Blood Chemistry – Part 2

The ketogenic diet is a measurable chemistry equation, which means that your blood chemistry can reveal whether you are in ketosis or not. Measure your blood ketones to prove to yourself as to what is happening in your bloodstream. Glucose or ketones, both fuels used by your body, can be measured. Depending on which fuel is available in your bloodstream will determine what your cells’ mitochondria are burning for energy.

Glucose burners burn glucose for fuel. All body cells, tissues and organs can use glucose, but too much glucose can lead to disease states like Type 2 Diabetes, Alzheimer’s or other diseases of inflammation. Using a glucometer, glucose levels can be measured in your blood.

Ketone burners use ketones and free fatty acids to fuel most cells, tissues and organs. Using ketone strips (blood or urine) or ketone breath meters like Biosense, you can determine whether you are successfully in ketosis.

If you read “Blood Chemistry Part 1” then you may recall that I emphasized that “keto” is more than a label for a diet, but the chemistry of making ketones in your liver and releases them into your blood for fuel/energy. You may follow a keto food list and tracking how many carbs you intake

Keto is short for ketosis. And ketosis is the chemistry of making ketones by your liver for cellular and organ fuel. The keto diet is really a way of eating that enables your body to make ketones for fuel and relies less on glucose to fuel. When I first looked into this way of eating it was referred to a well-formulated ketogenic diet (WFKD). Sometimes you may hear nutritional ketosis used too. This term is used to differentiate producing ketones intentionally for fuel rather than ketoacidosis which is a state where both glucose and ketones are excessively high. Ketoacidosis is a medical emergency and is associated with Type 1 Diabetes.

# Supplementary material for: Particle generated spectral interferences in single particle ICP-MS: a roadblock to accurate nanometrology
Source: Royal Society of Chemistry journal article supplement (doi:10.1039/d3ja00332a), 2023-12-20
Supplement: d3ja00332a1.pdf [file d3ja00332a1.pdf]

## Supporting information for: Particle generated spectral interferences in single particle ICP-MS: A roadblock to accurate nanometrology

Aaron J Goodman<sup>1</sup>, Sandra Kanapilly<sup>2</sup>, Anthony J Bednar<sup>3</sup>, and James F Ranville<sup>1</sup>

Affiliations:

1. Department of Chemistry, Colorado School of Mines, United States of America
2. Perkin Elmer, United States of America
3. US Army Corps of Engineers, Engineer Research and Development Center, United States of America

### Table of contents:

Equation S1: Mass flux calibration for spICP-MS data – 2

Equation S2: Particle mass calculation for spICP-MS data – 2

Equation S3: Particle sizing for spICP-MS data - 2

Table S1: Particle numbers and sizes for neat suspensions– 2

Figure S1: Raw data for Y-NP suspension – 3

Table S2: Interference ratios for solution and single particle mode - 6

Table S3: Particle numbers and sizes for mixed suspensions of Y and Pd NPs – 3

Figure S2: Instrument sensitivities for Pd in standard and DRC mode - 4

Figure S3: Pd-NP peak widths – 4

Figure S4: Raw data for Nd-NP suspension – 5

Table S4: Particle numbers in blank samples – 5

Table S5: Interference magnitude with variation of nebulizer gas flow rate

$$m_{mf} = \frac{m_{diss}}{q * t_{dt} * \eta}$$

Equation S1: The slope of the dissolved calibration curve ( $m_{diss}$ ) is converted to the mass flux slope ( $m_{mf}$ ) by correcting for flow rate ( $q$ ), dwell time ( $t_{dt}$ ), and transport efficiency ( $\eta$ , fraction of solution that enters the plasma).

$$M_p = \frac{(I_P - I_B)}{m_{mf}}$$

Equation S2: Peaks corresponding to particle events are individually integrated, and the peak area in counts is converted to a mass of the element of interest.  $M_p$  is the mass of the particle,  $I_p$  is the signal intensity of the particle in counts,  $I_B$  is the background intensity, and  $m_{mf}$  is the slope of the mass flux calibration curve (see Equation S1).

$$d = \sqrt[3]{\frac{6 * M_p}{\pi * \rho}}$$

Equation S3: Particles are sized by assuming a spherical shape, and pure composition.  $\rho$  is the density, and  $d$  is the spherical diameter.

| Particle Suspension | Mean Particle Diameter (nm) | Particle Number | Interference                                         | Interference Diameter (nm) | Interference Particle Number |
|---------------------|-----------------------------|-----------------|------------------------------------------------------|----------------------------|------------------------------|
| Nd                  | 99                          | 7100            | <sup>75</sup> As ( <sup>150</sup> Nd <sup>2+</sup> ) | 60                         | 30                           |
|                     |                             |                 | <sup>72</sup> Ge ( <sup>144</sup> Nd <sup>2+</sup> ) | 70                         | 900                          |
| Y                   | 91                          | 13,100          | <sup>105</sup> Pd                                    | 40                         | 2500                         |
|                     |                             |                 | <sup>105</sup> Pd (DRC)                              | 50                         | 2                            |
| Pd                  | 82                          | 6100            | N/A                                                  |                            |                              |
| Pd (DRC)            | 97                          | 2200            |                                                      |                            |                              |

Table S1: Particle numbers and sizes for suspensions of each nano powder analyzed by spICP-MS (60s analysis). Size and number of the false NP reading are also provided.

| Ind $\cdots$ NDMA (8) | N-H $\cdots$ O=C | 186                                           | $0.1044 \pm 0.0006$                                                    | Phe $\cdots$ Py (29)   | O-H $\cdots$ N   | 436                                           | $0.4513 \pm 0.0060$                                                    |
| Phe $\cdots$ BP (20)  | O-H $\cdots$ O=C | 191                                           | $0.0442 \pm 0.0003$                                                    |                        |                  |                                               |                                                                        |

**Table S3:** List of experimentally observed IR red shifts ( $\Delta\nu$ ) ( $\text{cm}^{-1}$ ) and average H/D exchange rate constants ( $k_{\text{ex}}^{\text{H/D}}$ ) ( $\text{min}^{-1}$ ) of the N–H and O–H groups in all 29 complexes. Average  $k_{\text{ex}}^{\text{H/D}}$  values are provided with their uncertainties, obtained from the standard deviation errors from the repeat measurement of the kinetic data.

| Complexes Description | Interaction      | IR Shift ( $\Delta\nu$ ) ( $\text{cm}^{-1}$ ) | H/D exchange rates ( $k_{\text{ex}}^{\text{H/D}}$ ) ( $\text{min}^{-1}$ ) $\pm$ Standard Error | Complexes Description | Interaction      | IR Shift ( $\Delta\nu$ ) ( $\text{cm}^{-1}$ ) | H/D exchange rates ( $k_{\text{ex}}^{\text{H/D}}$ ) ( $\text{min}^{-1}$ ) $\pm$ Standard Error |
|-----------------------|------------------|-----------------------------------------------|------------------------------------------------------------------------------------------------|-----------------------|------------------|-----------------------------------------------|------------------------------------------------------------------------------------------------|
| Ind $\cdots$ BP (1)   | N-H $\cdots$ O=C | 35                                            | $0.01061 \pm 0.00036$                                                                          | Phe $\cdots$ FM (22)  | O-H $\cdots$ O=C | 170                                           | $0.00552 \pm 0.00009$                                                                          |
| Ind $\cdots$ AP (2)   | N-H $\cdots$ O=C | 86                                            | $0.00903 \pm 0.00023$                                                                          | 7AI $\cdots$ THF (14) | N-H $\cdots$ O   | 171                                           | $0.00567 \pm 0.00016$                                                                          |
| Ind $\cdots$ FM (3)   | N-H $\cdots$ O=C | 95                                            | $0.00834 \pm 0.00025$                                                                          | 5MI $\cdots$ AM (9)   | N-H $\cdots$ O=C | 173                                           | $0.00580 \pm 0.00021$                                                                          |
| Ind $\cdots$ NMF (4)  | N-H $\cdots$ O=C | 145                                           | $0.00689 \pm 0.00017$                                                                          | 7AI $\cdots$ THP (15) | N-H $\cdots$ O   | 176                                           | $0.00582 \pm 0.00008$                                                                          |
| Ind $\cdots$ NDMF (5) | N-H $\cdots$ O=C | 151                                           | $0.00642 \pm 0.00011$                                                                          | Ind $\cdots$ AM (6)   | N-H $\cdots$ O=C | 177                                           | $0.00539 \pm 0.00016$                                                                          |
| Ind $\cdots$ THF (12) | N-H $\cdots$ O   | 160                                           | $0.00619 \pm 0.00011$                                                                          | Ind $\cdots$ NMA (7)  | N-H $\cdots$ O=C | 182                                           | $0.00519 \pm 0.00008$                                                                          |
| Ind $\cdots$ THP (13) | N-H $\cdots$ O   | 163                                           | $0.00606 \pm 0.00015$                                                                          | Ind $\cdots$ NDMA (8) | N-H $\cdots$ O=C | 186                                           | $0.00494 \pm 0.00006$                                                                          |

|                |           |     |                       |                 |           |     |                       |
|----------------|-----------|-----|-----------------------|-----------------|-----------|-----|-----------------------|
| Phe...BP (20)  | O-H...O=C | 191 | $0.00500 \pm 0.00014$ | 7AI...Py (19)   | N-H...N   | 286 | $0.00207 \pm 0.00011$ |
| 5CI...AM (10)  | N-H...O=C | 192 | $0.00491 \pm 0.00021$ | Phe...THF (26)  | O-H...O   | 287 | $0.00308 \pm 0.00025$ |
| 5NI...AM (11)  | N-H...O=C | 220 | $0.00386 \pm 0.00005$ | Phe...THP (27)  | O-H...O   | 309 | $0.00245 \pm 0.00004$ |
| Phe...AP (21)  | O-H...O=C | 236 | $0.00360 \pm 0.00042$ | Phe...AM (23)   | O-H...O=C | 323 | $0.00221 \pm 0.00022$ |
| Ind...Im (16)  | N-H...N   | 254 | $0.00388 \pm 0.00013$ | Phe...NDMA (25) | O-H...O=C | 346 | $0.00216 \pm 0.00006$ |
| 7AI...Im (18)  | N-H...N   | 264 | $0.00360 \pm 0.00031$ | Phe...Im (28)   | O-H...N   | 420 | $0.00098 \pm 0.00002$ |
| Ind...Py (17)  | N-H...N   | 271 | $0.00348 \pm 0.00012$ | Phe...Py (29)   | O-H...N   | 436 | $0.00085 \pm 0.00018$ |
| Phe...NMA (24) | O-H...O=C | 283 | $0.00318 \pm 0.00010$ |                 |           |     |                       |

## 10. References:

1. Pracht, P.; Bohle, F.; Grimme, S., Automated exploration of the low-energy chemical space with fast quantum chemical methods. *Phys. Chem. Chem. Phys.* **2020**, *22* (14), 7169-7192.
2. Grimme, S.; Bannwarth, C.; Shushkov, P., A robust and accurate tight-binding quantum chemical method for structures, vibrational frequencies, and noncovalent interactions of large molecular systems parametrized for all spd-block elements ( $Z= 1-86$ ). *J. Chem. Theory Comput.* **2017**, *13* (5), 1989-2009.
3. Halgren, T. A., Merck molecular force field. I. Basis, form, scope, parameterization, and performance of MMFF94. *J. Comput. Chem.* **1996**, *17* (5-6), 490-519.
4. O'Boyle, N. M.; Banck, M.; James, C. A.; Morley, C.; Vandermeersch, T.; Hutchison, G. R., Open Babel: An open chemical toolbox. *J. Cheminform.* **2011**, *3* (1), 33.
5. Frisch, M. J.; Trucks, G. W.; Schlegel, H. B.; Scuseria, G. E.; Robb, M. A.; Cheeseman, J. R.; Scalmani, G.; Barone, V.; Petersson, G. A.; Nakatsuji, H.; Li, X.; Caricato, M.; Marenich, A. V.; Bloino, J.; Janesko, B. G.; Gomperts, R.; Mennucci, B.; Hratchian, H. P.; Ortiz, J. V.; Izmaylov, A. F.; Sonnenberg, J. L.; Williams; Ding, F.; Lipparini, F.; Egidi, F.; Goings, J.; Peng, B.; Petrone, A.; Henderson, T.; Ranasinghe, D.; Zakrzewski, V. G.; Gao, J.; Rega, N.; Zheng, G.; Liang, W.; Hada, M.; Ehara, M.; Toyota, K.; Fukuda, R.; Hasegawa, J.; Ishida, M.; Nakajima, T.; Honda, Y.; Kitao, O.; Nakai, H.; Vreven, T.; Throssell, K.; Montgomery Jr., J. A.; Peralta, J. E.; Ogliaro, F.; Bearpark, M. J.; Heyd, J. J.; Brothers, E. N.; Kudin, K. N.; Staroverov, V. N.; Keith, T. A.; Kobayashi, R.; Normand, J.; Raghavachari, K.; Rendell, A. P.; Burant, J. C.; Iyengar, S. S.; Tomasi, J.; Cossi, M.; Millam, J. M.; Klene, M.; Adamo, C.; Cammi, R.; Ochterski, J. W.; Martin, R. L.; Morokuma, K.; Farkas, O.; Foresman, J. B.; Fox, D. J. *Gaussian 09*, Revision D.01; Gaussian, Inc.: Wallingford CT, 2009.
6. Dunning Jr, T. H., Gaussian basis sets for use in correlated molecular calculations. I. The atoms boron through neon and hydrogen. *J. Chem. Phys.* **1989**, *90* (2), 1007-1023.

Chase results NOT ketone numbers.

Craig Emmerich, author of keto

After reading Dr Boz’s book, Any Way You Can, I wanted to know whether I was actually making ketones or not. I’d stopped measuring with ketone monitors of any kind by this stage of my keto journey. For the most part, I used symptoms to “inform” me whether I was in ketosis or not (see Blood Chemistry Part 1 for a list of symptoms). It was time to see if I truly was “keto-adapted” or not. My analytical mind needed real numbers to see how measurable ketosis truly was.

I decided to do my experiment during December and New Year’s. I know, crazy right! To further complicate this experiment, I contracted COVID and was diagnosed with bacterial and COVID pneumonias on day 9. Being in ketosis simplified things though — reduced cravings and the ability to fast when I didn’t feel like eating because I was sick.

Experiment Parameters

  • track with Cronometer
  • use an Excel spreadsheet to track all numbers being recorded
  • keep total carbs to 20 grams
  • protein grams as a maximum — calculated using this macro calculator
  • fat grams were consumed until satiety
  • added 1 scoop MCT powder to first morning coffee (first couple of weeks until ketones were consistent)


When I first ketone blood and breath readings were zero — that’s right, no ketones! Not very encouraging when you think you were eating keto foods and recipes from keto cookbooks, occasionally tracking macros and moving your body. Those results were a complete surprise to mean it did make me rethink whether symptoms were a good way to determine when myself or my clients were in ketosis or not.

Time to be diligent in tracking my carbs and keeping them to 20 grams using the Cronometer app. I kept my protein and fats where they had been — protein around 85-100 g and enough fat to satisfy and produce hormones (above 40g). To start making ketones, I included MCT in morning coffee until I “peed pink” as recommended by Dr Boz . I knew my liver was producing too ketones because I was dumping ketones. I maintained adding “fat” to my morning coffee for about 6 weeks before I cleaned up my morning drink — no added fats or sugars.